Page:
- Leadership communication is different from manager communication
- Leaders need to be honest with themselves
- Create a ‘communication department’ in every leader
Daniel Penton talked about the way that internal communication planning remains too focused on channel stacks, rather than business objectives. Darren Briggs from Flametree notably observed that we are now very used to targeted communication in our personal lives but we are still a long way from that at work where we often rely on ‘all employee’ email briefings. He has developed a useful looking ‘Leadership Conversation Indicator’ which enables internal communication planning to be focused on key communication weaknesses.
The focus on leadership communication is a welcome development as practitioners increasingly realise that this is potentially a more useful aspect of effective internal corporate communication strategy than line manager communication.
Although it is, of course, important not to reduce the role of leadership communication to false or overtly trained ‘presence’ or behaving like a games show host on speed in a vain attempt to ‘inspire’ employees who are generally simply seeking straightforward, human, jargon-free, personable communication.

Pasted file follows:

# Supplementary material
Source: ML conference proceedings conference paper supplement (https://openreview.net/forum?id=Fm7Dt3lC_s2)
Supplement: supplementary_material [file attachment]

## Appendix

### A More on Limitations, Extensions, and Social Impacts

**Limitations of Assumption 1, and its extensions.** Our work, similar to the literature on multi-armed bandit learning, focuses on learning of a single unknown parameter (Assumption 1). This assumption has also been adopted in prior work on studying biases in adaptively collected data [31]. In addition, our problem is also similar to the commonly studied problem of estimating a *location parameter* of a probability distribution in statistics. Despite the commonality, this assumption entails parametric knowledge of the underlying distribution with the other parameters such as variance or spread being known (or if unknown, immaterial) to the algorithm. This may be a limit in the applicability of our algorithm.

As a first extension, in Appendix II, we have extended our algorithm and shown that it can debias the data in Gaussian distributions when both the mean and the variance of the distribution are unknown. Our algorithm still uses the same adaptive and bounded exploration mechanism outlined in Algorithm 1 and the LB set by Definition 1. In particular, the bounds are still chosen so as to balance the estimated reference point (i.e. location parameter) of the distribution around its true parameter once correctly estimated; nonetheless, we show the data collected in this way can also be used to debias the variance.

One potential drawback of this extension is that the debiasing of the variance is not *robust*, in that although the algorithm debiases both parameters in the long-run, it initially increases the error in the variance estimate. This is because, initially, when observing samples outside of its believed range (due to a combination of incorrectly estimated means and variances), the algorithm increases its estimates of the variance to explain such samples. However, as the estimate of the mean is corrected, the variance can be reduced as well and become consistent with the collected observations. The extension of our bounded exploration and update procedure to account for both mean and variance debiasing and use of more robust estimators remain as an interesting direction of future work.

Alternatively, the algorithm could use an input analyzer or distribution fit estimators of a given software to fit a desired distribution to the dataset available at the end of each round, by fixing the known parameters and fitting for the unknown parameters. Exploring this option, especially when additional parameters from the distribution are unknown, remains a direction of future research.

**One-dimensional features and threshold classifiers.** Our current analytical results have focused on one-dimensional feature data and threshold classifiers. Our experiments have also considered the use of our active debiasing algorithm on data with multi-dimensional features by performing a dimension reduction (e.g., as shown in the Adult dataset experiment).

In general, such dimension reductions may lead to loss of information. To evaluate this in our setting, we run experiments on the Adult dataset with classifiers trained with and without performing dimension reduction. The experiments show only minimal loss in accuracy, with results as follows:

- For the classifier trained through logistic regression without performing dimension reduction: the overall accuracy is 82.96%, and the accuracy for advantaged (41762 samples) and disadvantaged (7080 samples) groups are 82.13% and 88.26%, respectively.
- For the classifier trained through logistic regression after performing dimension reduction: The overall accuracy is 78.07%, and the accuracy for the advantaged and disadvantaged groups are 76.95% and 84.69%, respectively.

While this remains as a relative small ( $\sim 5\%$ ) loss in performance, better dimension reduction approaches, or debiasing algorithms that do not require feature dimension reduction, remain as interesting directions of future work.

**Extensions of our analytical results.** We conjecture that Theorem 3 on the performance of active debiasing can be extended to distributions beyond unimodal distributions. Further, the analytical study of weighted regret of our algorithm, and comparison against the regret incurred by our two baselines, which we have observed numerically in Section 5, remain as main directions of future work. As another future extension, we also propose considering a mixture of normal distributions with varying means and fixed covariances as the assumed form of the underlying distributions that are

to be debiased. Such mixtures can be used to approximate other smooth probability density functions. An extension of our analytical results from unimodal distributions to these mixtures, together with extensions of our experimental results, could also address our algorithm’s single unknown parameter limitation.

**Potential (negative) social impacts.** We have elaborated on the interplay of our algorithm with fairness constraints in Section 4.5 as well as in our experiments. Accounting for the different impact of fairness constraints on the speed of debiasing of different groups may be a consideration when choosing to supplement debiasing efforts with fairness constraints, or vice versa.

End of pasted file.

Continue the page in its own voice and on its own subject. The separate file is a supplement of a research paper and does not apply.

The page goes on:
The importance of listening to employees was cited in several presentations and it was also the subject of a workshop that I ran with Mike Pounsford and Howard Krais (past and present chairs of IABC UK).
According to Joss Mathieson when the new CEO, Emma Walmsley, was appointed at GSK she started with a listening tour of the company. They also ran a #Letstalk initiative that was linked to innovation, performance and trust. As part of EY’s ‘Better Working World’ purpose, the company gave people space to talk and introduced a ‘Better Question Time’ where the CEO answered queries personally. And Colin Hatfield stressed that leaders should help employees feel that they contribute and to do this they should value their input.
In the listening workshop, we revealed some of the results from a recent ‘listening to stakeholders’ survey. Key points that have emerged from the initial data analysis are:
- Building trust with stakeholder groups is valued by organisations with 52% of respondents stating it is ‘highly valued’